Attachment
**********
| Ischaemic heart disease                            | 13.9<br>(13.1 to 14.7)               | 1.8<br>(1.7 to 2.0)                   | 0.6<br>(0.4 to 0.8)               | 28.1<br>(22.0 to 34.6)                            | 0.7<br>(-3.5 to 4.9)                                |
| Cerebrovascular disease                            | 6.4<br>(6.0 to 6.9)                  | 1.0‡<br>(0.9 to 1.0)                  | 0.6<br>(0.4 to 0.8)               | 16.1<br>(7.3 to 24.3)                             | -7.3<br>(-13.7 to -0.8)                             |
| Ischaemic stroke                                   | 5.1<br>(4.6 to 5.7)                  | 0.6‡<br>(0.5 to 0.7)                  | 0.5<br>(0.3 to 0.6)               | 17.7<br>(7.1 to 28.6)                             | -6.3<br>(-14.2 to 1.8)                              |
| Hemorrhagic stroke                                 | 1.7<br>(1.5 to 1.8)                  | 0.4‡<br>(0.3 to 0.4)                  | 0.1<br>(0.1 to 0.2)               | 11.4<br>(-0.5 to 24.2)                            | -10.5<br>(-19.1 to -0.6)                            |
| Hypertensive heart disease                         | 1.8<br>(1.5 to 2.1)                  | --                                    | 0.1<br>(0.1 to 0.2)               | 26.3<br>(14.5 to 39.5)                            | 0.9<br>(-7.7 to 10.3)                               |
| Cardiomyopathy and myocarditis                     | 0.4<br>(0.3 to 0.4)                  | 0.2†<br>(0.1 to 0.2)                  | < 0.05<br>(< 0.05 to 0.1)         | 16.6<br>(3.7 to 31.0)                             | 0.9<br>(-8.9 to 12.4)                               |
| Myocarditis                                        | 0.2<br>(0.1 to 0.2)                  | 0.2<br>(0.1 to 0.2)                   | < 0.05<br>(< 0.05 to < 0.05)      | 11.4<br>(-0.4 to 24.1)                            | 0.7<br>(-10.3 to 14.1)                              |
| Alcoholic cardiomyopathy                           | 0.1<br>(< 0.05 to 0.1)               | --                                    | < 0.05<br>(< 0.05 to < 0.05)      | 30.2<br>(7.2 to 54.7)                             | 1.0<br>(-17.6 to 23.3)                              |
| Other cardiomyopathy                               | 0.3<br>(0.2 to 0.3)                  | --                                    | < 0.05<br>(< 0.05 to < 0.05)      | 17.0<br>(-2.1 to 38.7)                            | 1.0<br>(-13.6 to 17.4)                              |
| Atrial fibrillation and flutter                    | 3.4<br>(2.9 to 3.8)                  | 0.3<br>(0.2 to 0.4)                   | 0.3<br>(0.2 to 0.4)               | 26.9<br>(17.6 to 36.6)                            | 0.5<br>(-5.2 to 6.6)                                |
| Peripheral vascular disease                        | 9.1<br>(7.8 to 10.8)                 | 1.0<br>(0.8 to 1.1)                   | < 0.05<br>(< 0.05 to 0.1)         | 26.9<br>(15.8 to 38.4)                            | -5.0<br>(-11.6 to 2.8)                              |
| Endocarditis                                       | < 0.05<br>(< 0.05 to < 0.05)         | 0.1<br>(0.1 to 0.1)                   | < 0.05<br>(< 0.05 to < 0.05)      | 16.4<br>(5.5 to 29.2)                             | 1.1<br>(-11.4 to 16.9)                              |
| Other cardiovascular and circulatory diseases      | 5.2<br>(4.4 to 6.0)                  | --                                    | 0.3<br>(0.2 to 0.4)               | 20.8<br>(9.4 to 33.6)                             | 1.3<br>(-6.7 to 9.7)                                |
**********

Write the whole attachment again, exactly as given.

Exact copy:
| Ischaemic heart disease                            | 13.9<br>(13.1 to 14.7)               | 1.8<br>(1.7 to 2.0)                   | 0.6<br>(0.4 to 0.8)               | 28.1<br>(22.0 to 34.6)                            | 0.7<br>(-3.5 to 4.9)                                |
| Cerebrovascular disease                            | 6.4<br>(6.0 to 6.9)                  | 1.0‡<br>(0.9 to 1.0)                  | 0.6<br>(0.4 to 0.8)               | 16.1<br>(7.3 to 24.3)                             | -7.3<br>(-13.7 to -0.8)                             |
| Ischaemic stroke                                   | 5.1<br>(4.6 to 5.7)                  | 0.6‡<br>(0.5 to 0.7)                  | 0.5<br>(0.3 to 0.6)               | 17.7<br>(7.1 to 28.6)                             | -6.3<br>(-14.2 to 1.8)                              |
| Hemorrhagic stroke                                 | 1.7<br>(1.5 to 1.8)                  | 0.4‡<br>(0.3 to 0.4)                  | 0.1<br>(0.1 to 0.2)               | 11.4<br>(-0.5 to 24.2)                            | -10.5<br>(-19.1 to -0.6)                            |
| Hypertensive heart disease                         | 1.8<br>(1.5 to 2.1)                  | --                                    | 0.1<br>(0.1 to 0.2)               | 26.3<br>(14.5 to 39.5)                            | 0.9<br>(-7.7 to 10.3)                               |
| Cardiomyopathy and myocarditis                     | 0.4<br>(0.3 to 0.4)                  | 0.2†<br>(0.1 to 0.2)                  | < 0.05<br>(< 0.05 to 0.1)         | 16.6<br>(3.7 to 31.0)                             | 0.9<br>(-8.9 to 12.4)                               |
| Myocarditis                                        | 0.2<br>(0.1 to 0.2)                  | 0.2<br>(0.1 to 0.2)                   | < 0.05<br>(< 0.05 to < 0.05)      | 11.4<br>(-0.4 to 24.1)                            | 0.7<br>(-10.3 to 14.1)                              |
| Alcoholic cardiomyopathy                           | 0.1<br>(< 0.05 to 0.1)               | --                                    | < 0.05<br>(< 0.05 to < 0.05)      | 30.2<br>(7.2 to 54.7)                             | 1.0<br>(-17.6 to 23.3)                              |
| Other cardiomyopathy                               | 0.3<br>(0.2 to 0.3)                  | --                                    | < 0.05<br>(< 0.05 to < 0.05)      | 17.0<br>(-2.1 to 38.7)                            | 1.0<br>(-13.6 to 17.4)                              |
| Atrial fibrillation and flutter                    | 3.4<br>(2.9 to 3.8)                  | 0.3<br>(0.2 to 0.4)                   | 0.3<br>(0.2 to 0.4)               | 26.9<br>(17.6 to 36.6)                            | 0.5<br>(-5.2 to 6.6)                                |
| Peripheral vascular disease                        | 9.1<br>(7.8 to 10.8)                 | 1.0<br>(0.8 to 1.1)                   | < 0.05<br>(< 0.05 to 0.1)         | 26.9<br>(15.8 to 38.4)                            | -5.0<br>(-11.6 to 2.8)                              |
| Endocarditis                                       | < 0.05<br>(< 0.05 to < 0.05)         | 0.1<br>(0.1 to 0.1)                   | < 0.05<br>(< 0.05 to < 0.05)      | 16.4<br>(5.5 to 29.2)                             | 1.1<br>(-11.4 to 16.9)                              |
| Other cardiovascular and circulatory diseases      | 5.2<br>(4.4 to 6.0)                  | --                                    | 0.3<br>(0.2 to 0.4)               | 20.8<br>(9.4 to 33.6)                             | 1.3<br>(-6.7 to 9.7)                                |